The study included three long-term farm management trial sites where several fertiliser or tillage treatments were sampled and seven sites which compared nearby cropped, pasture or native/scrub remnant soils to gain an understanding of the impact cropping may have on suppressiveness to RLNs.
DAF Senior Soil Microbiologist at the Leslie Research Facility in Toowoomba, Dr Nikki Seymour said repeated studies of the different soils between 2010 and 2014 in glasshouse and laboratory bioassays consistently showed general suppressiveness to RLNs exists in a variety of northern soils.
“In the glasshouse assays, P. thornei increased only 2-5 times in unheated soil compared with 17 times when soil was heated prior to planting to eliminate the general soil biological community,” Dr Seymour said.
“Incorporating a small amount of unheated soil into heated soil (10% unheated) reduced multiplication rates by 60-89% showing that specific organisms in those soils were also contributing to this suppression and that it was not a physical or chemical property of the soil per se affecting multiplication.”
Researchers also tested the difference in suppressiveness between soil from the 0-15cm and the 30-45cm layers in the profile given that Pratylenchus nematode populations tend to be highest to depths of 30-60 cm.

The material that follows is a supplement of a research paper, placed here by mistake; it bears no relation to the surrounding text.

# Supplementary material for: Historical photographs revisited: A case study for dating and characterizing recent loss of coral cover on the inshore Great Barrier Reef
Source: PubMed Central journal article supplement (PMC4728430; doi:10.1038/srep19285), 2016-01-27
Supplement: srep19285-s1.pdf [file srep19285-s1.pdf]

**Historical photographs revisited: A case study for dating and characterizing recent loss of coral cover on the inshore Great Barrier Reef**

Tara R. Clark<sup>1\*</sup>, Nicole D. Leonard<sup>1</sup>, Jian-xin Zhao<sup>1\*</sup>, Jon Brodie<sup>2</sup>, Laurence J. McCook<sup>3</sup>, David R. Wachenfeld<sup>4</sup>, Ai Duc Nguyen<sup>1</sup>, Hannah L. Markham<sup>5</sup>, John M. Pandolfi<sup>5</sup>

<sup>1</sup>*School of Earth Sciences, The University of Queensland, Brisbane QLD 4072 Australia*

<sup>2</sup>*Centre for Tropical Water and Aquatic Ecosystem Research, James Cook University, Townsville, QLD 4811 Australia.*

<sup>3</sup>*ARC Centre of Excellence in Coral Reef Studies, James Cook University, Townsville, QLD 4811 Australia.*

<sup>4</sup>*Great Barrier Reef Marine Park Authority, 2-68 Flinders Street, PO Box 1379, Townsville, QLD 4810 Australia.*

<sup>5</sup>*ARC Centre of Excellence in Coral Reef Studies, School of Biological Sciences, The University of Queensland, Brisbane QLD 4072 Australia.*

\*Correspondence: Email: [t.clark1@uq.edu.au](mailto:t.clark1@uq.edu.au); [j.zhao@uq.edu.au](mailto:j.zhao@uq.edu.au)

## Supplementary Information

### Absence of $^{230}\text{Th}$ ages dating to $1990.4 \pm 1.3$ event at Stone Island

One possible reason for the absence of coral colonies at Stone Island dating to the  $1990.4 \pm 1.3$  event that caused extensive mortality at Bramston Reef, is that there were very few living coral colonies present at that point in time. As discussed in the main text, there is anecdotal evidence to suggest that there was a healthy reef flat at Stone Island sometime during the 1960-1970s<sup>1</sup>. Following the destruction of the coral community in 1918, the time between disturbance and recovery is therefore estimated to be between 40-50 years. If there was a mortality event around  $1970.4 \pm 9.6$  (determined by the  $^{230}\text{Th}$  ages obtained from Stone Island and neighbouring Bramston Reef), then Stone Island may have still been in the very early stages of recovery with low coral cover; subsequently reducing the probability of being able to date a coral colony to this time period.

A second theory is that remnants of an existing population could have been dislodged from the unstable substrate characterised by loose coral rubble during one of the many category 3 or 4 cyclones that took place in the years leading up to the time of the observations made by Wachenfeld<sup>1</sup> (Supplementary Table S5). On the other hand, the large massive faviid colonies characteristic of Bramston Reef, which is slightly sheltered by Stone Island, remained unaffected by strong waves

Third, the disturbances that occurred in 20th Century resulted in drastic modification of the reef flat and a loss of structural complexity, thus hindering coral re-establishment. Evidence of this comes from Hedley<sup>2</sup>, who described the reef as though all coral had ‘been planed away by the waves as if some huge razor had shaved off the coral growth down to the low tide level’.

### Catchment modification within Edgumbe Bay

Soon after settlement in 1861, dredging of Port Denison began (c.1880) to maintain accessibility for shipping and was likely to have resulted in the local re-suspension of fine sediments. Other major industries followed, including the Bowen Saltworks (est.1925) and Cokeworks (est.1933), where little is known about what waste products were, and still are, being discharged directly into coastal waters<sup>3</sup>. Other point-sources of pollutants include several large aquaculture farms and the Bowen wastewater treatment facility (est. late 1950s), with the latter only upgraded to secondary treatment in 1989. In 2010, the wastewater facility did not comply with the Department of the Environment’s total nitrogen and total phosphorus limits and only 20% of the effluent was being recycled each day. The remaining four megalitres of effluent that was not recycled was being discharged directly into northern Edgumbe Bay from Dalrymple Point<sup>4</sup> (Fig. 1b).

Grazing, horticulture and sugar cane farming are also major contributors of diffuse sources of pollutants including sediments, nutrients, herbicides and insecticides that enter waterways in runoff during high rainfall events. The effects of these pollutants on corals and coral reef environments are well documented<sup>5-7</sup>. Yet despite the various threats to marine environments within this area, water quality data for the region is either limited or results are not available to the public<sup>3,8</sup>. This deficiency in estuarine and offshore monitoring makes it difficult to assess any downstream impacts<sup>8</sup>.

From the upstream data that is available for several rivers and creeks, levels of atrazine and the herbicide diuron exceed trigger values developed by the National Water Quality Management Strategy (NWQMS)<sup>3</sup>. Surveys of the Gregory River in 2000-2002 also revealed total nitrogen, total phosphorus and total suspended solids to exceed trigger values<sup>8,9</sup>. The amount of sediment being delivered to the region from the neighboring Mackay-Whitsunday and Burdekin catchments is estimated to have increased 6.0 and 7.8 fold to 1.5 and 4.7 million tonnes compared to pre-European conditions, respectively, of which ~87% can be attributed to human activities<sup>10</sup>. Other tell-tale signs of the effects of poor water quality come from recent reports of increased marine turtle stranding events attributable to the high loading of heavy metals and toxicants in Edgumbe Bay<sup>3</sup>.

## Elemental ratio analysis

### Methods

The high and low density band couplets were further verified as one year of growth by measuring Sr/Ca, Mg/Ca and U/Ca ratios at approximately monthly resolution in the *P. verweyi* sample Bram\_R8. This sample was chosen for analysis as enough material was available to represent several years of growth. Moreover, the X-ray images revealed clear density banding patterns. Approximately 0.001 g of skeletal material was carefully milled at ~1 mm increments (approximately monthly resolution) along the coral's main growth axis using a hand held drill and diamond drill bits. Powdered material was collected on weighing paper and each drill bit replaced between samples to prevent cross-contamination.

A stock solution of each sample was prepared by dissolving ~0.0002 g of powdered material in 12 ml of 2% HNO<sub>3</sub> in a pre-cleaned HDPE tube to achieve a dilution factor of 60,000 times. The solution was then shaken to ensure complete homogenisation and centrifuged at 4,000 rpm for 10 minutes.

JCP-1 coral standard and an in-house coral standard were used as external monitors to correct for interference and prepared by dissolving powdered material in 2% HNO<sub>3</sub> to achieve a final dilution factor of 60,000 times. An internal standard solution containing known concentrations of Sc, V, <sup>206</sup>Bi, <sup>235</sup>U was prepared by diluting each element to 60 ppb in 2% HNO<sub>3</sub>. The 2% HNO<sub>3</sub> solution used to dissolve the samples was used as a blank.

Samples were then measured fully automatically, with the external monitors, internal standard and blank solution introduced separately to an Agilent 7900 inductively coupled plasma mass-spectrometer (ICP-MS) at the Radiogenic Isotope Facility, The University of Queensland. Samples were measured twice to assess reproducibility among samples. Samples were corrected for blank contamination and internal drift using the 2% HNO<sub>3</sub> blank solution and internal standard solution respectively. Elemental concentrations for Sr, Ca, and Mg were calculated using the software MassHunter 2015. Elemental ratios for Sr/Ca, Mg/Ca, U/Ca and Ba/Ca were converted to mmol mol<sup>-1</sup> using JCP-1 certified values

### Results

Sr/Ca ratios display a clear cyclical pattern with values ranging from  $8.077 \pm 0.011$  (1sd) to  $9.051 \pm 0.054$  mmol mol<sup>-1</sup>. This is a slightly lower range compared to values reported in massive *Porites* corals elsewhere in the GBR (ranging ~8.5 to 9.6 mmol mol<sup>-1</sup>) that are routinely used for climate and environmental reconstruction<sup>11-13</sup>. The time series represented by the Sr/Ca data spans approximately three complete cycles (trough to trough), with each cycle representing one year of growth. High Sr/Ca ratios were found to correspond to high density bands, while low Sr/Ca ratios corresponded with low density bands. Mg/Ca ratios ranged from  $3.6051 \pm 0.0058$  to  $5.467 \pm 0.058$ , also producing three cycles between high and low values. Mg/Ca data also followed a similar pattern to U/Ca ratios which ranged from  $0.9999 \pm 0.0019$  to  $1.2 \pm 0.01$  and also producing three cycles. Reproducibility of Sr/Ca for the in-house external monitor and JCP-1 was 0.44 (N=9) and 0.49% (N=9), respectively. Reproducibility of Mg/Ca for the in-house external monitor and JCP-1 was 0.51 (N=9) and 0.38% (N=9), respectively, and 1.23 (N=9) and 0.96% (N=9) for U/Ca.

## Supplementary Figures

Dr Seymour said results showed that soil from 0-15cm was generally more suppressive than soil from 30-45cm.
Information on the soil characteristics and crop management histories was also analysed to help researchers understand the mechanisms influencing these results but to date, analyses have not shown any specific correlation between particular soil chemical (macro and micro nutrient levels) and physical (pH, texture, clay content) attributes and suppressiveness.
One area of the work which raised as many questions as answers was the survey of over 130 northern soils for the presence of natural enemies Pasteuria bacteria, nematode trapping fungi (NTF) and predatory nematodes to RLNs.
Dr Seymour said glasshouse trials to increase populations of Pasteuria on hosts of P. thornei had been conducted but multiplication of the bacteria was slow to negligible using traditional methods.
She said further study was required to better understand the lifecycle and ecology of the Pasteuria bacterial parasite that interacts with P. thornei.